So far, America has just attempted to persuade China to stop undervaluing the yuan – a practice that artificially suppresses the price of Chinese exports while at the same time artificially raising the price of imports into China from America and other nations. China’s deliberate currency undervaluation accounts for a significant part of America’s massive trade deficit with China.
Afterward, just nine days before the next Treasury report on currency manipulation is due on Oct. 15, Treasury Secretary Timothy Geithner, in a speech at the Brookings Institution, offered thinly veiled criticism of China’s persistent manipulation:
No one wants that. Workers everywhere applaud the rise of millions of Chinese citizens out of abject poverty. But increasing the value of the yuan will benefit Chinese workers at the same time as it begins to balance currencies worldwide. An appreciated yuan effectively increases Chinese workers’ wages.
By deliberately undervaluing its currency, the government of China is waging a stealth trade war against the rest of the world. Independently, the United States must protect its economy, but to reign in this international outlaw, America also must secure the help of a posse.
Leo W. Gerard also is a member of the AFL-CIO Executive Committee and chairs the labor federation’s Public Policy Committee. President Barack Obama recently appointed him to the President’s Advisory Committee on Trade Policy and Negotiations. He serves as co-chairman of the BlueGreen Alliance and on the boards of the Apollo Alliance, Campaign for America’s Future and the Economic Policy Institute. He is a member of the IMF and ICEM global labor federations and was instrumental in creating Workers Uniting, the first global union.
President Lyndon Johnson is said to have commented that the press is like birds sitting on a telephone line. When one flies away, they all fly away.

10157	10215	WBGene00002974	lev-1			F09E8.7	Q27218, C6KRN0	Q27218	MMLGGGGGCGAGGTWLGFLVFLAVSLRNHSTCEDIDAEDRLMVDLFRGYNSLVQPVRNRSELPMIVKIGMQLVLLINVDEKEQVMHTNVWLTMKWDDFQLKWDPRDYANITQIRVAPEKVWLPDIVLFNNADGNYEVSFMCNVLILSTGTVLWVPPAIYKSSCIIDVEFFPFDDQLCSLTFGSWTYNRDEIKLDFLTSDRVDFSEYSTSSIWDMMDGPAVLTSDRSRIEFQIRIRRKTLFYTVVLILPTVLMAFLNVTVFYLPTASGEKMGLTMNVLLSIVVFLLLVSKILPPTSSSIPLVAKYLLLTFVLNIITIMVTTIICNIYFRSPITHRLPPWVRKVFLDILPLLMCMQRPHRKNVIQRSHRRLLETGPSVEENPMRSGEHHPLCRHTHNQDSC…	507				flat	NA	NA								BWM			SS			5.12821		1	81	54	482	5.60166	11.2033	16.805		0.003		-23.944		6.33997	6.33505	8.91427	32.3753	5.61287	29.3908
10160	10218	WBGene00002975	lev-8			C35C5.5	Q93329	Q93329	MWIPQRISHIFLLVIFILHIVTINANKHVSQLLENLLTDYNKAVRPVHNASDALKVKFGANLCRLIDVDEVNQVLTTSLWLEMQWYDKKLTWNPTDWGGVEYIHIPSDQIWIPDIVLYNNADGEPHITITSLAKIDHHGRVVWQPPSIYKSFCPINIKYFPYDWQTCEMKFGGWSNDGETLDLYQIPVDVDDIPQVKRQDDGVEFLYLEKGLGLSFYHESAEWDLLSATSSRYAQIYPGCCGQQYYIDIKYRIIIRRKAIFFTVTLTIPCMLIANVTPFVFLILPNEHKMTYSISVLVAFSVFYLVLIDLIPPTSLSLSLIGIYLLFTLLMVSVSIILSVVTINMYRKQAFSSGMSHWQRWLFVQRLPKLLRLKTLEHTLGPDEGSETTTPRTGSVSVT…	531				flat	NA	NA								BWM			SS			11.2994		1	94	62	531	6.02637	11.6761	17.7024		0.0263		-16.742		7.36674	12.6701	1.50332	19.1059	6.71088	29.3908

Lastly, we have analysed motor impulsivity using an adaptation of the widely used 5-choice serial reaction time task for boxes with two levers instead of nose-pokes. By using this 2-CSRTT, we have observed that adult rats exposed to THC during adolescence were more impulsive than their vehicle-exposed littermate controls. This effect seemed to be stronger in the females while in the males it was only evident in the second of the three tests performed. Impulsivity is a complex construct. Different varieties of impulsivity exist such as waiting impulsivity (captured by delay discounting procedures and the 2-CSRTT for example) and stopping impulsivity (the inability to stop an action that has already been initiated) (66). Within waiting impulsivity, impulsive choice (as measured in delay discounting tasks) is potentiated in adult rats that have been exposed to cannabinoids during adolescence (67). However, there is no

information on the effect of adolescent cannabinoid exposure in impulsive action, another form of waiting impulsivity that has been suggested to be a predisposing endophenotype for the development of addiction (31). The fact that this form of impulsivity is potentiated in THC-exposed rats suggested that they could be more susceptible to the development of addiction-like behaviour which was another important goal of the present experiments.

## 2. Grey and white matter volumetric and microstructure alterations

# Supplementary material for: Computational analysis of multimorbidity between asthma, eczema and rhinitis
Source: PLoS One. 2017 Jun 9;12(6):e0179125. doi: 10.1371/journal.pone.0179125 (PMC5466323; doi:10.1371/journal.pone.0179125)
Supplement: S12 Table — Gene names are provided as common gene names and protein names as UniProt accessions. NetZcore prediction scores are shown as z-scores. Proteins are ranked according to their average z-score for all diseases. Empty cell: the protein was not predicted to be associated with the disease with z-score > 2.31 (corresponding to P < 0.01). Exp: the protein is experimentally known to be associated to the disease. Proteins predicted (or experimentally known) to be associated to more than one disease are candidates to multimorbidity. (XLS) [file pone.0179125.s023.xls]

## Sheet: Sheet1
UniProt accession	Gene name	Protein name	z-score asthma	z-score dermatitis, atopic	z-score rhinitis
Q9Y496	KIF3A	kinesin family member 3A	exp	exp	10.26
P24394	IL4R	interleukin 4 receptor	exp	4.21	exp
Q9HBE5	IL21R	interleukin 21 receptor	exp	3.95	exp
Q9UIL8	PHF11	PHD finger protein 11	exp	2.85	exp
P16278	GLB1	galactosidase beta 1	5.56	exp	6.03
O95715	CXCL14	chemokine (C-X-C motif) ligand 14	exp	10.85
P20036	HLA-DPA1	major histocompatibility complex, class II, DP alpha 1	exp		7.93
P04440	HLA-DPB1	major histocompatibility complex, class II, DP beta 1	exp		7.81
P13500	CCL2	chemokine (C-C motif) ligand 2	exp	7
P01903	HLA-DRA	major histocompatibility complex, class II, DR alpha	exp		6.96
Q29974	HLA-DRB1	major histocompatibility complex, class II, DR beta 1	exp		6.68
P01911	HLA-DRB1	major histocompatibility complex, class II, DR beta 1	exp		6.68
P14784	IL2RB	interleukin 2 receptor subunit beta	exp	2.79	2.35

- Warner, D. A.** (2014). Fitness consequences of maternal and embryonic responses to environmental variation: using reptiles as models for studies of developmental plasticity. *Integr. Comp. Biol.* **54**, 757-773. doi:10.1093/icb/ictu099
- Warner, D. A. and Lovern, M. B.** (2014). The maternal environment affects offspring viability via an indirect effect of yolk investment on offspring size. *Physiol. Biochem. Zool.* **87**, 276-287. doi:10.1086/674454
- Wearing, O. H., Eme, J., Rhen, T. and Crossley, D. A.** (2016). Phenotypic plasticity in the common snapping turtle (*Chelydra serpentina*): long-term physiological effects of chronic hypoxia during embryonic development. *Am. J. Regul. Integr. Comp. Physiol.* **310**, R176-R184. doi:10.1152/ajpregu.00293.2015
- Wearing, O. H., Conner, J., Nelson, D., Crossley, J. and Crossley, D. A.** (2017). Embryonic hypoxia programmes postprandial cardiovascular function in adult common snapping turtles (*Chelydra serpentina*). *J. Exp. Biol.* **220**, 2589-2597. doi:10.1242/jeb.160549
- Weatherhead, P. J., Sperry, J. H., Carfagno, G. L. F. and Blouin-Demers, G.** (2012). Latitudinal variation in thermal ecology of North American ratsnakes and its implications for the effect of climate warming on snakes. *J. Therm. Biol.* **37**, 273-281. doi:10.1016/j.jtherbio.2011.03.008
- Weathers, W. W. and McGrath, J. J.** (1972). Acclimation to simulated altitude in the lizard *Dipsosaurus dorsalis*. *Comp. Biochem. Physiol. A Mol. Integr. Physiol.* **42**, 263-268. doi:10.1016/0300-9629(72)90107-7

This week they are all flying around squawking “currency war!” But the world has been in a currency and trade war for some time, with only one side fighting and the rest losing. Now the world, on the edge of defeat in that war, sees that China is not “trading”; they are taking. So, how do we fight back without (further) blowing up the world’s economy?
The world can’t get to full recovery from this terrible recession without more balanced trade. That is a huge part of the equation. Our trade deficits started with Reagan when “free trade” was used to force concessions from labor by threatening to move the factories to non-democracies, away from the wage and environmental protections We, the People fought so hard to achieve. The wage squeeze resulted in unprecedented concentration of wealth —and loss of buying power for the rest of the population.
Under ‘W’ Bush, Wall Street used China for short-term profits and bonuses and China used the power that brought to buy advantage around the world. So now the rest of us are living with the long-term consequences of race-to-the-bottom policies. Namely, the bottom.
Last week, the simmering threat of trade disputes erupted into a full boil when Brazil’s finance minister Guido Mantega said that national governments around the world were weakening their currencies in an “international currency war” to gain competitive advantage. Mantega stressed that Brazil was prepared to back his words with action to lower the value of the Brazilian real. Yesterday, IMF chief Dominique Struass-Kahn warned that countries were beginning to use their currencies as “a policy weapon” in a Financial Times interview.
Has the time for a currency war with China arrived? The answer looks increasingly to be yes. The politics and economics of an assault on Chinese exchange rate policy are increasingly convincing. The idea is, of course, deeply disturbing. But I no longer believe there is an alternative.
Wolf runs down the issues.
Currency manipulation? “If a decision to invest half a country’s gross domestic product in currency reserves is not exchange rate manipulation, what is?”
Does it matter? “By keeping its real exchange rate down, China subsidizes production of its exports and import substitutes. Since China is now the world’s biggest exporter, this has to be a significant distortion of world trade.”
What might China reasonably be asked to do? Stop the manipulation and increase domestic demand. “[T]he menu of possible options for the Chinese authorities could include a cap on the intervention, an end to sterilization of the monetary consequences and targets for real domestic demand, household consumption and the current account.”
Can other countries shift China’s policies, with limited collateral damage?
Negotiation remains a hope. The rest of Group of 20 leading countries should unite in calling for these changes. But if negotiation continues to fail, alternatives must be considered. Import surcharges are one possibility. … countervailing currency intervention … affected countries could prevent other countries from purchasing their financial instruments, unless the latter offered reciprocal access to their financial markets.